If placing much of the action inside a cubic frame that blocked one’s view was meant to have a Brecht-style alienating effect,  the production succeeded too well. I simply saw it as a gimmicky production that added to the bewilderment I was already feeling from being bombarded with so many facts (or fictions) about television.

As a result, it is hard to get involved in the characters as real people or the story or the interesting issue of television blurring image and reality.

James Graham has had a series of winners with Our House, Ink and Labour of LoveDaniel Evans has put on a victorious first season at Chichester. Neither of them have hit the jackpot with Quiz, but that’s entertainment.

Quiz runs at the Minerva Theatre until 9 December 2017. It transfers to the Noël Coward Theatre on 31 March 2018 where it will run until 16 June

Further thoughts on Quiz

Quiz is a warning against televising one of the last parts of public life that is still not filmed, arguing that the media will turn justice into entertainment. Whether it makes a convincing case, I am unsure.

The trial of the ‘coughing Major’ inevitably excited the media in the way that most don’t because it involved a hugely popular TV programme and massive amount of money. Making it carry the burden of showing that television turns everything into entertainment is asking too much of it.

Courts are already a form of theatre in which judges and advocates play to their audience. Juries have a tendency to decide verdicts on appearances rather than evidence whether cameras are present or not.

I don’t believe television has made as much difference to politics as James Graham thinks. It seems to me politicians were aware of the importance of image long before the televising of parliament: Harold Wilson put a pipe in his mouth for public appearances; President Roosevelt made sure he wasn’t seen in his wheelchair. In fact, leaders have been image conscious for centuries as evidenced by the work of Holbein, Van Dyck and others.

The news media have been inventing stories for most of their existence. Hollywood decided early on to encourage media interest in the lives of their actors, thus making their often fictional offscreen lives an extension of the onscreen entertainment.

King Lear with Ian McKellen

(5 / 5)

Ian McKellen Gives The Best Lear I’ve Seen

Watch One Minute Theatre Review on YouTube here

Ian McKellen as King Lear at Chichester Festival Theatre. Review by Paul Seven Lewis of One Minute Theatre Reviews.
Ian McKellen as King Lear at Chichester Festival Theatre. Photo Manuel Harlan

I’ve seen countless Lears over the years. Until now, the one I best remember is Ian Holm performing in the tiny Cottesloe (now Dorfmann) Theatre at the National. Therefore it may not be coincidence that Ian McKellen‘s Lear in the equally small Minerva Theatre at Chichester now ranks as the best I’ve seen.

The play describes the break up of a kingdom and the melodramatic villainy of various adult children and therefore may seem to require a grand scale. But the central story of a foolish father who prizes flattery above honesty is best told on an intimate stage.

Jonathan Munby‘s pared down production still manages to make a contemporary political point about powerful people destroying a country on a whim or for their own ends (and Lear cutting up the map of the UK is amusing). However the main fascination is that the great Ian McKellen is able to use his wonderful voice at an almost conversational level, bringing out all the subtlety and depth of Shakespeare’s language and revealing the humanity of the character.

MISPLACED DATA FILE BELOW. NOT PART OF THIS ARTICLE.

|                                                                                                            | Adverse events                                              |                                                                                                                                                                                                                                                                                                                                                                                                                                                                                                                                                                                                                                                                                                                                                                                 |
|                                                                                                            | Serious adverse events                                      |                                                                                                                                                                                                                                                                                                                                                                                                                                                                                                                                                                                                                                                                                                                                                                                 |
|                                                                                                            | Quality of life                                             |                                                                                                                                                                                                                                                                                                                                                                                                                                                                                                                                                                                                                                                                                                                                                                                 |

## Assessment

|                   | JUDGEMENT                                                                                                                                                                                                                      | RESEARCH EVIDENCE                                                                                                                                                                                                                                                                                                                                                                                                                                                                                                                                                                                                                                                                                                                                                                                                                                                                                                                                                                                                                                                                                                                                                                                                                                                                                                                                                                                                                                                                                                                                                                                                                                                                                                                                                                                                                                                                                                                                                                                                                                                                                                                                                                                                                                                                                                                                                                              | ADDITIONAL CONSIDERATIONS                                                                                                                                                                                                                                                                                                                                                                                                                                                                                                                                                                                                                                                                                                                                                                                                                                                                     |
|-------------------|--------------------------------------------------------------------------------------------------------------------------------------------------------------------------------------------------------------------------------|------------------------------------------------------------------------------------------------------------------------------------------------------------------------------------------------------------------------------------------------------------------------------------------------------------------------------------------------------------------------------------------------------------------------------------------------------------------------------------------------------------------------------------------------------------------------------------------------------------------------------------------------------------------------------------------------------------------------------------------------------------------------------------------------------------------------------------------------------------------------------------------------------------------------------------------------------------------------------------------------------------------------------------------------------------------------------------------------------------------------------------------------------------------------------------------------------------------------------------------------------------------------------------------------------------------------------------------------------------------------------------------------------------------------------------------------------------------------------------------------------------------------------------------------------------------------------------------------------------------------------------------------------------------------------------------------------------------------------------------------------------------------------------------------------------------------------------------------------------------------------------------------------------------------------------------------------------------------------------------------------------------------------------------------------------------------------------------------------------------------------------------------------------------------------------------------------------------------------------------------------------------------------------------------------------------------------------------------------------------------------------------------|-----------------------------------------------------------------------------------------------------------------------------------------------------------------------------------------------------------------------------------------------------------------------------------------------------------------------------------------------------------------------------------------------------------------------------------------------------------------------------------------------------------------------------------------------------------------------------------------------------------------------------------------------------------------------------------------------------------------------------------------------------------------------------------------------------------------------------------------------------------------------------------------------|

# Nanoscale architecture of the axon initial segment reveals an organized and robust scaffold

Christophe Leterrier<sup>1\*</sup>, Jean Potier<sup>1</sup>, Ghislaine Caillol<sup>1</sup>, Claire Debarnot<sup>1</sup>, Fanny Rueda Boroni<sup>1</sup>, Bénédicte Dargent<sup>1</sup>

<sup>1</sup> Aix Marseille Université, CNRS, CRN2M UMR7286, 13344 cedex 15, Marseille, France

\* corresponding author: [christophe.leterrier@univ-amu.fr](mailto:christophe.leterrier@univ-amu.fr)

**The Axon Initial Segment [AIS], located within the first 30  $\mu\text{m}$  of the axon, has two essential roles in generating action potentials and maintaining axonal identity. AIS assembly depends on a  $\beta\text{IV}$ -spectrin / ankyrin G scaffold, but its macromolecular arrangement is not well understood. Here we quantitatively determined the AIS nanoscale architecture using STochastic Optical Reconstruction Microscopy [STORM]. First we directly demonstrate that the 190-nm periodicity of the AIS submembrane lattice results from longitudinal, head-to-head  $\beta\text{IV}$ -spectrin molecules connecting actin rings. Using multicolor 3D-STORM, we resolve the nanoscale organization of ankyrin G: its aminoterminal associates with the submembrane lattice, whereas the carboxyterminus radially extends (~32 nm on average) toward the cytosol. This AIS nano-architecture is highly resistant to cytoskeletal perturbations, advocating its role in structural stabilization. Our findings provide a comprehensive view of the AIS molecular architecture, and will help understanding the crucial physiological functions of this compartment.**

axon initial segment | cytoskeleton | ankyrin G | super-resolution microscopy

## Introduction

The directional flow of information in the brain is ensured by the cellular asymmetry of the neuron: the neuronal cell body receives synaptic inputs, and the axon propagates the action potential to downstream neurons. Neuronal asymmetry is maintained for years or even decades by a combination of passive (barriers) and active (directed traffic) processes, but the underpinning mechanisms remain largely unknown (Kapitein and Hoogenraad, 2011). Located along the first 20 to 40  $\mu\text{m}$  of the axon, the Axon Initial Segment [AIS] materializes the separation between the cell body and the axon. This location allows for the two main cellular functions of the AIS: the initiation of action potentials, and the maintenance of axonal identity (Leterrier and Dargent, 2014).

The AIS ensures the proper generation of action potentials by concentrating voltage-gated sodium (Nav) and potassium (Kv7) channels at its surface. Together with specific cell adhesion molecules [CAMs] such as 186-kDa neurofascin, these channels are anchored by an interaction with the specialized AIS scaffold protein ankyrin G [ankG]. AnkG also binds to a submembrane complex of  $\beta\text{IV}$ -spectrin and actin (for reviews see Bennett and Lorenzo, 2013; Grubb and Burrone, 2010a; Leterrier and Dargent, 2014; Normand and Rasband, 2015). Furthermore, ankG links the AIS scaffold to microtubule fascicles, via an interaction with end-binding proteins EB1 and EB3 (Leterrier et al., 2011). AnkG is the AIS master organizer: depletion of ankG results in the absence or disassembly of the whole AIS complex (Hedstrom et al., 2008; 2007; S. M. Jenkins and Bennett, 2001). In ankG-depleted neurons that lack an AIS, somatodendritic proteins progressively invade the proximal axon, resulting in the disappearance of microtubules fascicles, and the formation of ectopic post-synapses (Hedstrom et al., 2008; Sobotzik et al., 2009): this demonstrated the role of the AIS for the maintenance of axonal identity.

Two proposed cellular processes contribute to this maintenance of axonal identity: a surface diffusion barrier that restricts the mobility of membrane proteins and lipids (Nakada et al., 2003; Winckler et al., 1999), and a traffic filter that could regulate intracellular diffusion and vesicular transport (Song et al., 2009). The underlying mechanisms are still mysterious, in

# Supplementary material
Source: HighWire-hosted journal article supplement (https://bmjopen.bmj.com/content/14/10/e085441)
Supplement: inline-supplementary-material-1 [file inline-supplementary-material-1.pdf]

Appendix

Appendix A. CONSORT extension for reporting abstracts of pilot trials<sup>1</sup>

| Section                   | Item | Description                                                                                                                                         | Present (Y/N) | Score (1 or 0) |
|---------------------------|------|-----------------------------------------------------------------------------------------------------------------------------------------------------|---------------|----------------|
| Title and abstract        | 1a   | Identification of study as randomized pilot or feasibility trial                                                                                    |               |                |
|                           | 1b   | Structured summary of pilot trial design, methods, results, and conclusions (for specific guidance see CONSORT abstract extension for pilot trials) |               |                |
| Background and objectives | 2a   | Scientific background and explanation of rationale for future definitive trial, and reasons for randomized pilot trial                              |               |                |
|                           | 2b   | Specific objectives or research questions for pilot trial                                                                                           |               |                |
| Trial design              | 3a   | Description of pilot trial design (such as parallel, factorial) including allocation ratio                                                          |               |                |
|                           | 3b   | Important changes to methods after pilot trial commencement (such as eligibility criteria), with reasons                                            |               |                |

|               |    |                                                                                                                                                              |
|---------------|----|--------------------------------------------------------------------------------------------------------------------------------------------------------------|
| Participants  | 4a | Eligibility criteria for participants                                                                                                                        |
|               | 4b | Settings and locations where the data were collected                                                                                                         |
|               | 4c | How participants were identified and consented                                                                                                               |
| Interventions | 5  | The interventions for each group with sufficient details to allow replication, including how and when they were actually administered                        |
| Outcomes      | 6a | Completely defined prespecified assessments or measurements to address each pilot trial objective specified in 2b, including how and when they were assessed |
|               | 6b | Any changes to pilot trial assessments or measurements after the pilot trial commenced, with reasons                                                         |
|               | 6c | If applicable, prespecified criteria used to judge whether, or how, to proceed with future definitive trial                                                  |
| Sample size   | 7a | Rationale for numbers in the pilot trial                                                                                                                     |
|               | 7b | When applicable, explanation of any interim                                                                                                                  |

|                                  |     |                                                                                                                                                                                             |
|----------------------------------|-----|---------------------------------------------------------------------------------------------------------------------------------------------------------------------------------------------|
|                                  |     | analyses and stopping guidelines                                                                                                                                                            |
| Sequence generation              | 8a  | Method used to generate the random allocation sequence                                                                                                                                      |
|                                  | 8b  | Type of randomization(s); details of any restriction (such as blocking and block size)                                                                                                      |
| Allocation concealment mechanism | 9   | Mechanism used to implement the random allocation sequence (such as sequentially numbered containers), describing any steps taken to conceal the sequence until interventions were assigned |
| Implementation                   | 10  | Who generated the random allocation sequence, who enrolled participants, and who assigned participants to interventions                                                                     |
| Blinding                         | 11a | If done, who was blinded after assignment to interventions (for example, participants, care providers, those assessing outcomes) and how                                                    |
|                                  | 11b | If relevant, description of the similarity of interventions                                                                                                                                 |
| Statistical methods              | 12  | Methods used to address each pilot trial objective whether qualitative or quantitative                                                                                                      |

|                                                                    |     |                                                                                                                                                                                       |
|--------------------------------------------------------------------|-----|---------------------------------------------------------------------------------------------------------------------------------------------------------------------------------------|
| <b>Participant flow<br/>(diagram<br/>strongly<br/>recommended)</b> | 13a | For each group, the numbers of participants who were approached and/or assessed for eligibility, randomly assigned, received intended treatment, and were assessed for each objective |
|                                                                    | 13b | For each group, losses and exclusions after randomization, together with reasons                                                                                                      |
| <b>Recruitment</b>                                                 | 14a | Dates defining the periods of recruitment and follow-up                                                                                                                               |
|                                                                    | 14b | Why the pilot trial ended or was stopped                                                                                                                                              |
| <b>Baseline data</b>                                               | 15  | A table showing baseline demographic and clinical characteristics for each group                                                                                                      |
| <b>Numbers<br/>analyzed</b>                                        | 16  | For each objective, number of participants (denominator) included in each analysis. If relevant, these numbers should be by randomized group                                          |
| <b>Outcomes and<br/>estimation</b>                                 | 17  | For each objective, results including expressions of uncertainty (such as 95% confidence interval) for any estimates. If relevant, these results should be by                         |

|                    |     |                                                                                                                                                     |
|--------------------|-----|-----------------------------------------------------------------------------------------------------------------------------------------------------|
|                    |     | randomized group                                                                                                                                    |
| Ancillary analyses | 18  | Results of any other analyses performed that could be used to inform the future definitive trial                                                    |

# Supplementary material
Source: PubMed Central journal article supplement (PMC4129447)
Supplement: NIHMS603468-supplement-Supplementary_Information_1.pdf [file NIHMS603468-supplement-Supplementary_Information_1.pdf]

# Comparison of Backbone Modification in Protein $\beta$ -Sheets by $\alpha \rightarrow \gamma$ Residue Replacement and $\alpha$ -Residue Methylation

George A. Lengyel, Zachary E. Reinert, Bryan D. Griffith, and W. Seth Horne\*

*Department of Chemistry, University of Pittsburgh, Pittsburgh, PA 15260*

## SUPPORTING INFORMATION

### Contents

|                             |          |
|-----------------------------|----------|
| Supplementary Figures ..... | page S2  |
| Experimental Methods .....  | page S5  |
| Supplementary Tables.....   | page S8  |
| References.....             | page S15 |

Ian McKellen and Danny Webb in King Lear at Chichester Festival Theatre
Ian McKellen & Danny Webb in King Lear at CFT. Photo Manuel Harlan

Never have I experienced Lear’s swinging moods from anger to defensiveness, his sudden insights into the horror of what he has done,  his fear of losing his mind, his awareness of approaching death and his ultimate anguish, as I did in this production.

The King becomes the Fool but as he does so, his vulnerability as a human being is heartbreaking. The scene that encapsulates this best comes when he meets the blinded Gloucester. His jokes collapse in a moment into almost whispered melancholy and as quickly into stream-of-consciousness musings (“When we are born, we cry that we are come / To this great stage of fools.”)

A Powerful Performance by Sinead Cusack

Ian McKellen & Tamara Lawrance in King Lear at Chichester Festival Theatre. Review by Paul Seven Lewis of One Minute Theatre Reviews.
Ian McKellen & Tamara Lawrance in King Lear at Chichester Festival Theatre. Photo Manuel Harlan

Ian McKellen understands that good theatre is more than having a star in the lead. For a production to work, it must be the joint effort of a company starting with the playwright and going through the director, the creatives and all the cast. The latter is especially good in the production.

Sinead Cusack knocks another brick out of the wall that says casting must be ruled by gender by giving a powerful performance as Kent.   The parallel story of father/child betrayal is played out strongly by Danny Webb as Gloucester, Damien Molony as Edmund and Jonathan Bailey as Edgar. A word too for Lear’s daughters- Tamara Lawrance as Cordelia is a star in the making, Dervla Kiran and Kirsty Bushell as Goneral and Regan filled the enclosed space with a suffocating evil.

That Ian McKellen sees himself as part of a company is just one mark of his greatness. His ability to vocalise the deep meaning of words is another. He has said that this will be the last time he plays a major Shakespearean role. If so, I feel privileged to have been there for it. As the final line of the play says, I “shall never see so much, nor live so long.”

The Chichester Festival Theatre production of  King Lear with Ian McKellen is transferring to the Duke Of York’s Theatre in London from 11 July to 3 November 2018.

Here’s my review on my YouTube channel One Minute Theatre Reviews-